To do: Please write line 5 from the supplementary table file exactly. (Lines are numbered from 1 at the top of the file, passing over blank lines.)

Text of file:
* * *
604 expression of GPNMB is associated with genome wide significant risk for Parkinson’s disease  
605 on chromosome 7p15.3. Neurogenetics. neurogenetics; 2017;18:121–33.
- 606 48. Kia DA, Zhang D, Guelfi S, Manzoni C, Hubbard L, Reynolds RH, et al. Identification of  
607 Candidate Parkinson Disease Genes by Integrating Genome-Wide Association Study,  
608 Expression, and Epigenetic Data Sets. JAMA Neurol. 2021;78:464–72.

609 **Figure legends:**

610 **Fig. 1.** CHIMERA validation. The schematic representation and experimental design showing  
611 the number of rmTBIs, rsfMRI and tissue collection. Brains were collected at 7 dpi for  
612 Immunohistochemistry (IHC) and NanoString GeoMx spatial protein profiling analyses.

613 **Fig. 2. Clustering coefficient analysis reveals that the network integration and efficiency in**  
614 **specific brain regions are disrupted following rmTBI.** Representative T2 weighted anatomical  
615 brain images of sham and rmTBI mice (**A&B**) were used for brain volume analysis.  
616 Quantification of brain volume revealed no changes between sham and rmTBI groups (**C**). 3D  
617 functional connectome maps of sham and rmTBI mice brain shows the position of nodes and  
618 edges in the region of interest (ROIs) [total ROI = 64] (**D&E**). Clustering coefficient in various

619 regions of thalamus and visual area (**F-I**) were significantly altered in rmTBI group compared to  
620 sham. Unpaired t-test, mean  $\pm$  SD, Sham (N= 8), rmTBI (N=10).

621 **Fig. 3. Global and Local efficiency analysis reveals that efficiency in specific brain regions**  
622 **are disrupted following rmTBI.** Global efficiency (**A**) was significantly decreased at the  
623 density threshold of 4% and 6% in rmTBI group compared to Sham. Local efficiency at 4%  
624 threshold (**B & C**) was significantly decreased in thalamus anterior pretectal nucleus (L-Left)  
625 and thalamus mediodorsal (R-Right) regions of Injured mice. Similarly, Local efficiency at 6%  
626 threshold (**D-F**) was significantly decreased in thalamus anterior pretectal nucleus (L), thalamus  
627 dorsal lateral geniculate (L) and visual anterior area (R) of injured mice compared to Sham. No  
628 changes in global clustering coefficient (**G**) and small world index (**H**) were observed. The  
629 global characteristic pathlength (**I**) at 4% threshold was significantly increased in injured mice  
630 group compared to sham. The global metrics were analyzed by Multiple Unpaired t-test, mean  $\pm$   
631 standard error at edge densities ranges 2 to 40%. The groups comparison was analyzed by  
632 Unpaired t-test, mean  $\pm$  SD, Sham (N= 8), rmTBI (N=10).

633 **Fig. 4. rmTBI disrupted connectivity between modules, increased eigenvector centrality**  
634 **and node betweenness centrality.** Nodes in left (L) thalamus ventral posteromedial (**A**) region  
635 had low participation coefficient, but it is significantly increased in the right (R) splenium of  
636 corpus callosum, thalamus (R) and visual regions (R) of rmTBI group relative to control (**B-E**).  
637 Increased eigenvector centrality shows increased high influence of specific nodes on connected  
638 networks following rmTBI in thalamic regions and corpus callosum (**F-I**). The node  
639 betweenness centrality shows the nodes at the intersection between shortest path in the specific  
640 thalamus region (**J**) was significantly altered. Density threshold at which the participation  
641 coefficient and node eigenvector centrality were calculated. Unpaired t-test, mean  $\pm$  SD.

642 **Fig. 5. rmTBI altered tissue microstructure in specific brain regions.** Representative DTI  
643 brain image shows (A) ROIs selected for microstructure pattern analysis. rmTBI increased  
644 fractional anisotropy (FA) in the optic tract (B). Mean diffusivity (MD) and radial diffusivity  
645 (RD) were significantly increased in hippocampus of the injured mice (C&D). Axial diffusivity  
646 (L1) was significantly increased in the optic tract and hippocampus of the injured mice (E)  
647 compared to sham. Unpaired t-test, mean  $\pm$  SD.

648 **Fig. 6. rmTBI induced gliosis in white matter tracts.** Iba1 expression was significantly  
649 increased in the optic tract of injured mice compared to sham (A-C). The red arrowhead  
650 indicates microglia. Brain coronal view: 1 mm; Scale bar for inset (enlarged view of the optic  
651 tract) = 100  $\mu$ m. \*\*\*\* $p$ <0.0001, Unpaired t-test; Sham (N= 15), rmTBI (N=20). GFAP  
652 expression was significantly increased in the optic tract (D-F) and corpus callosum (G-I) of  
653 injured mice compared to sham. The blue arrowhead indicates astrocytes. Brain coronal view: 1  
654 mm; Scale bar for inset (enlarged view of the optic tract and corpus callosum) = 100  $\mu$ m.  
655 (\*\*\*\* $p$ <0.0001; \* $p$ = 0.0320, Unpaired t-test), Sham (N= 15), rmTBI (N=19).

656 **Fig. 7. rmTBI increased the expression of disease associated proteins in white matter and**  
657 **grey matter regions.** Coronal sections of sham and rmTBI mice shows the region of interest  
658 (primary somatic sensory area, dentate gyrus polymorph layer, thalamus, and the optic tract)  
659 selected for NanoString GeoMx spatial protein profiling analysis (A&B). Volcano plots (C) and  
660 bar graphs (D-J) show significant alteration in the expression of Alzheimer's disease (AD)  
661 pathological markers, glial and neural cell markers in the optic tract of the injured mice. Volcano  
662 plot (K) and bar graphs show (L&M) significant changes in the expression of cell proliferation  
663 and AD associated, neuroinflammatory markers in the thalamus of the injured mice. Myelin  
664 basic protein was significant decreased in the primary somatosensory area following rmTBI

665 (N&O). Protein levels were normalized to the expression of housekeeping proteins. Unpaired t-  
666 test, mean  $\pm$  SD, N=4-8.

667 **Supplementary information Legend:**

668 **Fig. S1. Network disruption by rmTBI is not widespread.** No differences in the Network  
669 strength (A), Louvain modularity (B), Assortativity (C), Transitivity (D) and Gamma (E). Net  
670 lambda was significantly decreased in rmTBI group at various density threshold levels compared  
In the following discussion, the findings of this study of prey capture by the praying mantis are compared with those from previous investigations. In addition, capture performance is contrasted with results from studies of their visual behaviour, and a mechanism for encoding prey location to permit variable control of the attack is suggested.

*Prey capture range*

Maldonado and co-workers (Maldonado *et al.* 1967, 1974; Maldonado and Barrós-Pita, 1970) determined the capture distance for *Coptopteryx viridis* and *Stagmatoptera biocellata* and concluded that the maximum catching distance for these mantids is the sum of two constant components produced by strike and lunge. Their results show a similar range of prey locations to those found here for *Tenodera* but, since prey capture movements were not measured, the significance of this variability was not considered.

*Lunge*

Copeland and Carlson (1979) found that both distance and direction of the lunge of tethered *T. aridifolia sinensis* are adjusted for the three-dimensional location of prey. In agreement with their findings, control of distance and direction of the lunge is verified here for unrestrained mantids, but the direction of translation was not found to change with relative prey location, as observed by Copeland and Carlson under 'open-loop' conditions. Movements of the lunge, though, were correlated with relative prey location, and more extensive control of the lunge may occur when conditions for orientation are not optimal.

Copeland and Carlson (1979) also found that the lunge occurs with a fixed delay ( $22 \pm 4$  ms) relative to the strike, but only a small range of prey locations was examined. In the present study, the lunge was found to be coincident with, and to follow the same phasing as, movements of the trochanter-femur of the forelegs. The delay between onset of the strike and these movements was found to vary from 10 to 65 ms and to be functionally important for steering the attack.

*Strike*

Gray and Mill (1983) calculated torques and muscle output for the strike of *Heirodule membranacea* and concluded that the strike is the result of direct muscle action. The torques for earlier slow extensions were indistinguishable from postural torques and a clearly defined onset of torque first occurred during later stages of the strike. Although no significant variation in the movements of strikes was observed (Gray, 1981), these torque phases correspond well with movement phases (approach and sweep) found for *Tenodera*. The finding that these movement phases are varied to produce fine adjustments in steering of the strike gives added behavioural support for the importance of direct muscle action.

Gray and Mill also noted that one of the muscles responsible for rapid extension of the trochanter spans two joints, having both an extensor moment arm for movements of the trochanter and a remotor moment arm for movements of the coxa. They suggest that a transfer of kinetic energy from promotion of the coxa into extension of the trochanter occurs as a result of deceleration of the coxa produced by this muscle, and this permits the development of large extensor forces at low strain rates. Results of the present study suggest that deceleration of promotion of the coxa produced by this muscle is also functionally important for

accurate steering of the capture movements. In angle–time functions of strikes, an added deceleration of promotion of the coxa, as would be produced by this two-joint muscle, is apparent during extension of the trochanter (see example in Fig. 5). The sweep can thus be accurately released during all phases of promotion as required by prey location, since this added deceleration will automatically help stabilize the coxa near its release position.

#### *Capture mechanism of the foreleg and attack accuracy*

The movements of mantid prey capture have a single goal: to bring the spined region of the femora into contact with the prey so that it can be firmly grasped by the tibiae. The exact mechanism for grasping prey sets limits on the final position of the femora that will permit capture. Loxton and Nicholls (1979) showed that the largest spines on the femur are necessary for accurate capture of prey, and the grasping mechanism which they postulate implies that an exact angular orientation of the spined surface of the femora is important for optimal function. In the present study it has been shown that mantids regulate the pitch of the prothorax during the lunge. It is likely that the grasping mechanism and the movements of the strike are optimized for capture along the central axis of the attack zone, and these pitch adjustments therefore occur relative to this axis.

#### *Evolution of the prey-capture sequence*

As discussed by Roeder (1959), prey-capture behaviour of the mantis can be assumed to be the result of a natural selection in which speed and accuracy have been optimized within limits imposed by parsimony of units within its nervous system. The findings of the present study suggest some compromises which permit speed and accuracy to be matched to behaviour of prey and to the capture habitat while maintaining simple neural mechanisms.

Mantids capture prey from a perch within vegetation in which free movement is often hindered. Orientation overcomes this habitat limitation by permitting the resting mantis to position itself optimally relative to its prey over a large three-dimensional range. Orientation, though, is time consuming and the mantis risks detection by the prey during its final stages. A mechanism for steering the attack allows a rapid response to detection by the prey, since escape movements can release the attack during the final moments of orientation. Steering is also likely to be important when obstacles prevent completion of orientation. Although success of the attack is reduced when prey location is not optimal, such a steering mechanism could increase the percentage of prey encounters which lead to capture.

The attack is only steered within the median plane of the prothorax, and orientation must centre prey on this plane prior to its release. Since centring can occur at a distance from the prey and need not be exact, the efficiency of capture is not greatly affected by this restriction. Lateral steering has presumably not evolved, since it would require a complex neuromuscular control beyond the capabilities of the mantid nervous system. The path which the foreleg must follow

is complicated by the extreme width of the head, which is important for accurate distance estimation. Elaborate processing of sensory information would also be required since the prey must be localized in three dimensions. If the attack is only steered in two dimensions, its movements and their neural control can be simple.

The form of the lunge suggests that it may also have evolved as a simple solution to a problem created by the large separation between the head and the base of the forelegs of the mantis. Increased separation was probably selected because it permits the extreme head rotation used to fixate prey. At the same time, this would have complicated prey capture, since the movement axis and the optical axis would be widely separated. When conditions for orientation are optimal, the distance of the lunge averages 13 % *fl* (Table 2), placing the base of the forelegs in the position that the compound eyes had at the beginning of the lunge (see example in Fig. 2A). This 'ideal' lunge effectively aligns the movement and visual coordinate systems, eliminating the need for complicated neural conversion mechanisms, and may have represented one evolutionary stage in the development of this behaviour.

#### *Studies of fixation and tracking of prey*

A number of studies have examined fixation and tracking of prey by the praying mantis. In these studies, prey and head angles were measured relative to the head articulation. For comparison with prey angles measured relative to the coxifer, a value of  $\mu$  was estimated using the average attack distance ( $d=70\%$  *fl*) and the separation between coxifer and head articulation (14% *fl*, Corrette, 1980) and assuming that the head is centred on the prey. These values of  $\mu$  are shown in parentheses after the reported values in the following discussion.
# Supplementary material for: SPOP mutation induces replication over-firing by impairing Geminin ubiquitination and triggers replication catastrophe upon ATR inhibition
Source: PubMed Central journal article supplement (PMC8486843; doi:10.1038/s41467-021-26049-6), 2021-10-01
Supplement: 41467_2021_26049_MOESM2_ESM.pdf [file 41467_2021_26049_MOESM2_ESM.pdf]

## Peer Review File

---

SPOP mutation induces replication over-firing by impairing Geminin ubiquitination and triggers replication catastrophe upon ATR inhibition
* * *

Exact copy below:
608 Expression, and Epigenetic Data Sets. JAMA Neurol. 2021;78:464–72.